For the second time in as many visits, Canadian intellectual Jordan Peterson packed the Mahaffey Theater Feb. 2. The appearance was in support of his latest book, Beyond Order: 12 More Rules for Life. In each city, Peterson selects one rule from the book to explore. His stream-of-consciousness presentation flows with a mix of previous analysis and fresh new ideas that emerge in real time. For this lecture he selected rule #3: “Do not hide unwanted things in the fog.”
The fog, for purposes of the rule, represents the unspoken, unattended aspects of our lives that form the base for many of our habitual behaviors. Peterson used marriage to help articulate the concept. He put forth a scenario of a spouse returning from work after a long day, coming home to the homemaker who had been tending to the children and domestic duties during that same day. Both have emotional needs for rest, love, appreciation and all the things that a long-term relationship promises.
As has happened to many couples over time, the perceived imbalances of contribution or affection, or any number of factors, cause resentment. At the heart of the resentment lies a potential truth that given no barriers to exit, one would be out the door. But for most people there are significant barriers to fleeing such as children, finances and the emotional pain of a breakup. And so that resentment gets processed into the fog.
In the fog the couple rolls through daily habitual interactions that keep the resentment at bay. Better to mutually obscure the topic than to shine a light on it and reveal a painful truth that neither is willing to deal with on a tired evening after a long day.
This phenomena is repeated in many areas of our lives and ultimately, Peterson espoused, it is our life. A life in the fog.
Clearing the fog is a simple but difficult endeavor. It’s straightforward to study habitual interactions and gauge their fogginess. The real work begins in the fog because there is a lot more than just spousal discord waiting.
Peterson draws on Swiss psychiatrist Carl Jung’s shadow concept. The shadow is composed of repressed ideas, weaknesses, desires, instincts and shortcomings.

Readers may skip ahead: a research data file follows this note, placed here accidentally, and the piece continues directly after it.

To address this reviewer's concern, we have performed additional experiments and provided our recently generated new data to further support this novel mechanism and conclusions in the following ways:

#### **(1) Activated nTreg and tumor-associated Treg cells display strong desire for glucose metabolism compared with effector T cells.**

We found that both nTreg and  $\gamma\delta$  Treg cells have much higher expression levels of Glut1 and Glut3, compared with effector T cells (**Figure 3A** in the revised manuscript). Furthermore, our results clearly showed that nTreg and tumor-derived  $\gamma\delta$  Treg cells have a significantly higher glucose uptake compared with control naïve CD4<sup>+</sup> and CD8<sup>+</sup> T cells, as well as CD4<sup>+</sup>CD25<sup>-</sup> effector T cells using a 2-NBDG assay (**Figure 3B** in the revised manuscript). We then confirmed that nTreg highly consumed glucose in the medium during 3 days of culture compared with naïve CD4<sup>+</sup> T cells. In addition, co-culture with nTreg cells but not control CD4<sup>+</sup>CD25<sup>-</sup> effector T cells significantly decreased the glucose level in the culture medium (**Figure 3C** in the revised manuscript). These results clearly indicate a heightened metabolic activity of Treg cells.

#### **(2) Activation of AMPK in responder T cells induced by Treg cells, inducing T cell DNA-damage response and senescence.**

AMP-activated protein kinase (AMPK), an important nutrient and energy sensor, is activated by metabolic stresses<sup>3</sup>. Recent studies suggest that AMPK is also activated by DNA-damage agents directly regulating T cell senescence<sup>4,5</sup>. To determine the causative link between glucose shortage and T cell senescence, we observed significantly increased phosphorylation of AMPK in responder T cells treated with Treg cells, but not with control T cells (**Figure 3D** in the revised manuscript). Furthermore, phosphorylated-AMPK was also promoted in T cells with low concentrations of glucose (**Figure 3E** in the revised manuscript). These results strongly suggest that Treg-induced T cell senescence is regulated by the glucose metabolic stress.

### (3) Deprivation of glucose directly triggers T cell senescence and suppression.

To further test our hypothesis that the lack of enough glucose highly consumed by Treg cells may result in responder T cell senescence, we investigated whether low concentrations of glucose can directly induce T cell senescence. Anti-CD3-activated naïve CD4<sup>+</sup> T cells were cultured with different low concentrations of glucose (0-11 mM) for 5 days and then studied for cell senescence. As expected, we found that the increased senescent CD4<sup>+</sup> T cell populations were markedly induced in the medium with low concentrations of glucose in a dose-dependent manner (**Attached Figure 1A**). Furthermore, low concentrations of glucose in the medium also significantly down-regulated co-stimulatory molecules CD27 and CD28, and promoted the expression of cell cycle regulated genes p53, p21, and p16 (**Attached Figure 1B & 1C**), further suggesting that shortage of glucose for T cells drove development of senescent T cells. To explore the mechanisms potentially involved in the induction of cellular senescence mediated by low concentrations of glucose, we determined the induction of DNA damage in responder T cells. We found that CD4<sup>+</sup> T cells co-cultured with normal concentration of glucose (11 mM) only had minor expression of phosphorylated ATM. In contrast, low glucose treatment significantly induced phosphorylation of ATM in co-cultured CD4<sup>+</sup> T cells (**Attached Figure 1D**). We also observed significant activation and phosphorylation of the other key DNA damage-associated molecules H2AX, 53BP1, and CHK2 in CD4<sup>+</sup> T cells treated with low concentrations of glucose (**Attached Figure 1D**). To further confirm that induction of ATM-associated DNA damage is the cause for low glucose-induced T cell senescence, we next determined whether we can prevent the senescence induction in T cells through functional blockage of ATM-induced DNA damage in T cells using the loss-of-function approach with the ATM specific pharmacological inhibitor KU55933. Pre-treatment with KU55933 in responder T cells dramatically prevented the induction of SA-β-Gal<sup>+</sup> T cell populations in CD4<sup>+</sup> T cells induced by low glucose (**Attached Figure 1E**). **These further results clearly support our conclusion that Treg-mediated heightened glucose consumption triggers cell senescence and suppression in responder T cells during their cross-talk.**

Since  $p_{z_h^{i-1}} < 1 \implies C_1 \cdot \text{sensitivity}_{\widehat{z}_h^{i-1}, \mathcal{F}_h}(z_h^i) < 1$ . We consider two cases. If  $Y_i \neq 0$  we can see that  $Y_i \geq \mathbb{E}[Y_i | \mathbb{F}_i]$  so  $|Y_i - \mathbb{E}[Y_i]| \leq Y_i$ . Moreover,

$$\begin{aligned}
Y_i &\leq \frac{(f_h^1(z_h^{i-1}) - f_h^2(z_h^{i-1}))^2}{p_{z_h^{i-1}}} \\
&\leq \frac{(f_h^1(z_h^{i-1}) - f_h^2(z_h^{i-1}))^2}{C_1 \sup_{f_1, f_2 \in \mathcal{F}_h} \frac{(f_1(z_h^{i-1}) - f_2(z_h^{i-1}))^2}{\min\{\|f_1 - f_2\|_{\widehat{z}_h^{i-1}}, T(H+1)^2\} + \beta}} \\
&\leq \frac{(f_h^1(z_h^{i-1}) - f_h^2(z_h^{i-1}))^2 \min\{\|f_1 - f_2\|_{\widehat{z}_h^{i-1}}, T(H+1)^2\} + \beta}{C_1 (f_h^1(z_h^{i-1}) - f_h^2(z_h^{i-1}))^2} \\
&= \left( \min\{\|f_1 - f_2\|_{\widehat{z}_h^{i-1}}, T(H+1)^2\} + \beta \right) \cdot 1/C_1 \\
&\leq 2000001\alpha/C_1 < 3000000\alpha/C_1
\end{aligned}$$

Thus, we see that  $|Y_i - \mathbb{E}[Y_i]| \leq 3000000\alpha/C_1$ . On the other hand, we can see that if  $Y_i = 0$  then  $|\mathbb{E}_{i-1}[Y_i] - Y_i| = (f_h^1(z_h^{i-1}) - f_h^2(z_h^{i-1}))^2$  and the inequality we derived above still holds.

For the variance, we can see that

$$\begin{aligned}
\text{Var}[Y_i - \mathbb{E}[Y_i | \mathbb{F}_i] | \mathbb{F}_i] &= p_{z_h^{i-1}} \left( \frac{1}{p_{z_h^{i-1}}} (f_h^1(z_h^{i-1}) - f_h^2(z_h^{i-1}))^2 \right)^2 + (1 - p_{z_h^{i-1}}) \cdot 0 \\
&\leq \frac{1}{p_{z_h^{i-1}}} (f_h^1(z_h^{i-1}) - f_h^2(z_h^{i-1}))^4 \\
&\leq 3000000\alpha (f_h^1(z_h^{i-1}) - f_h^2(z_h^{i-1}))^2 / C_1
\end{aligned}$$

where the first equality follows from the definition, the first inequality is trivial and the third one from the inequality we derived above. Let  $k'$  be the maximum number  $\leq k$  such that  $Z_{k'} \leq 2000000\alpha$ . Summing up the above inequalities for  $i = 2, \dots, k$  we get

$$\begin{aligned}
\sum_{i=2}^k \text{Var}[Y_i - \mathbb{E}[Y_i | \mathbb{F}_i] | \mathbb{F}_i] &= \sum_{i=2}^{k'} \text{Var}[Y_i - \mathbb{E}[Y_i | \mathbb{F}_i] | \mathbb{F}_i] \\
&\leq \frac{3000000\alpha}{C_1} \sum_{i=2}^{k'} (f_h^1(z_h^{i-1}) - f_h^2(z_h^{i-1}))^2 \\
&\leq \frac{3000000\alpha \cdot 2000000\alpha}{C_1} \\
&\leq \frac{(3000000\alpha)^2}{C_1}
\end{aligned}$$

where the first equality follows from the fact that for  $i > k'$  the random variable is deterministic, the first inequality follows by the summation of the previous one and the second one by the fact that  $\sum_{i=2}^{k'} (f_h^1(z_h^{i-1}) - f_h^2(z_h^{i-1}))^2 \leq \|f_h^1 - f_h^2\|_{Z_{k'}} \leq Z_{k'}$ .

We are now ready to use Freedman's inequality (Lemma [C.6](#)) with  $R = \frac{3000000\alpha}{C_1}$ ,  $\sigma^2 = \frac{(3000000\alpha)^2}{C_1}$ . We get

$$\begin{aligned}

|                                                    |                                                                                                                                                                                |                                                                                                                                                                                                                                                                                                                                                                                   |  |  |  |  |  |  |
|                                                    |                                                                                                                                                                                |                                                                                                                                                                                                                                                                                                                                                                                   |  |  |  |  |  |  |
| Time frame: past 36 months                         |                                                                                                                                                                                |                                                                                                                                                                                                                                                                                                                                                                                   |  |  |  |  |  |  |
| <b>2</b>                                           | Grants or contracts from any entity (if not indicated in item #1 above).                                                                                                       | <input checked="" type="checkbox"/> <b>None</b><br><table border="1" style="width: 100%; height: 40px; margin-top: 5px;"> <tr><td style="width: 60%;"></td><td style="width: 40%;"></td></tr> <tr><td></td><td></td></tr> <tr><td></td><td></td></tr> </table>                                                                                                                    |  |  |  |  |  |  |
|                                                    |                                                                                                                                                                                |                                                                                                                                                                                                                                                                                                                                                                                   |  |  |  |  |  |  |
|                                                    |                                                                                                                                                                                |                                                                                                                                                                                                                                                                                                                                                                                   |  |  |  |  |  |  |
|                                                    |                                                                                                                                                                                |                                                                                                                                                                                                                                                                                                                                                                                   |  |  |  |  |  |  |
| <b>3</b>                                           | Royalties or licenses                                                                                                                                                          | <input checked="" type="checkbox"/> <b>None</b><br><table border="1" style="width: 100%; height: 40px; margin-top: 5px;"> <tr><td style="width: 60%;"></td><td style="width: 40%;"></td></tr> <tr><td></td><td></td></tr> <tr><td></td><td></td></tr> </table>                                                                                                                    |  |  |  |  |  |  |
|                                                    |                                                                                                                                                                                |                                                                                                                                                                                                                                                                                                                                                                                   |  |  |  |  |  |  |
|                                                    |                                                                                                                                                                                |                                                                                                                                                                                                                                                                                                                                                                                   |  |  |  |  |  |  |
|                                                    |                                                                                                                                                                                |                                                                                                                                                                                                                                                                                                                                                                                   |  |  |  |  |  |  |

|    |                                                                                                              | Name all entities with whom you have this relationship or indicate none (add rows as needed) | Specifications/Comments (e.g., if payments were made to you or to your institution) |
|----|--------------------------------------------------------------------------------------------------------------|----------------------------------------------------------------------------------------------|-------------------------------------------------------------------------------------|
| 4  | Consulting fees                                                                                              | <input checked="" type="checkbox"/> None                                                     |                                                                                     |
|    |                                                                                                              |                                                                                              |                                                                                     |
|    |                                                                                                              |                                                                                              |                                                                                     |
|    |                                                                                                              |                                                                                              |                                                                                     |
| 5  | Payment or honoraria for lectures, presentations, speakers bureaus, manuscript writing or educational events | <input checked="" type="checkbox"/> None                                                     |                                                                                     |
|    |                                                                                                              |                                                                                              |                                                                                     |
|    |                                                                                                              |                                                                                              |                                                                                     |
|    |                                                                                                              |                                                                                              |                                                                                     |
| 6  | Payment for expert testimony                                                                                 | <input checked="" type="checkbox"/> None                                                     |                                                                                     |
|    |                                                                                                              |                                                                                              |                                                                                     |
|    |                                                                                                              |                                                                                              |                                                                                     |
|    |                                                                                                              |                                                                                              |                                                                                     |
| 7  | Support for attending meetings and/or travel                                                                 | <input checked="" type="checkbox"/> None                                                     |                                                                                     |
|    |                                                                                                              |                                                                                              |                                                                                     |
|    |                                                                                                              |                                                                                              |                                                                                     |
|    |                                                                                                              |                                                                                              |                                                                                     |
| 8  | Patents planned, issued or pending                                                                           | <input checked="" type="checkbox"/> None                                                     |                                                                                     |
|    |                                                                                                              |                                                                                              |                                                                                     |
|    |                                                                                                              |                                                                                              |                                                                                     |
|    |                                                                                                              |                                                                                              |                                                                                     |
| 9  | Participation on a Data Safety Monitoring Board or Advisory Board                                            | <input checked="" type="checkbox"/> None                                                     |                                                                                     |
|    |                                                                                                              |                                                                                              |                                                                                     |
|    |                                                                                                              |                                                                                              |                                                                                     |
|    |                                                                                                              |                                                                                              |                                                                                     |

The shadow aspects of ourselves are very likely to be processed into the fog, and for good reason. Unleashing some of them could lead to anything from social rejection to incarceration.
What also inhabits our shadow, Peterson reminds us, is desire, impulse and similar character traits that inspire passion and creativity. These unique characteristics are often labeled “dark” by society. That’s because society as a whole is safer and more efficient if all such traits are buried in the fog. But here, society and the individual are not aligned. Where the public persona is muted to serve the world, the private self thrives with deep immersion into unjudged feelings.
Peterson encouraged the audience to live authentically and explore all of the fog, as it’s the only way to know ourselves to a sufficient degree to architect our best life. It could be that as the spouses mentioned above explore the fog together, they discover that neither wants to leave, they just need to be OK with yelling, or have weirder sex, or get something pierced. Often it’s these specific desires that attracted the couple to each other in the first place – they just need to be rescued from the fog.
Editor’s note: Special thanks to the Mahaffey’s Tom Gribbin for hosting the Catalyst and facilitating this interview with Dr. Peterson.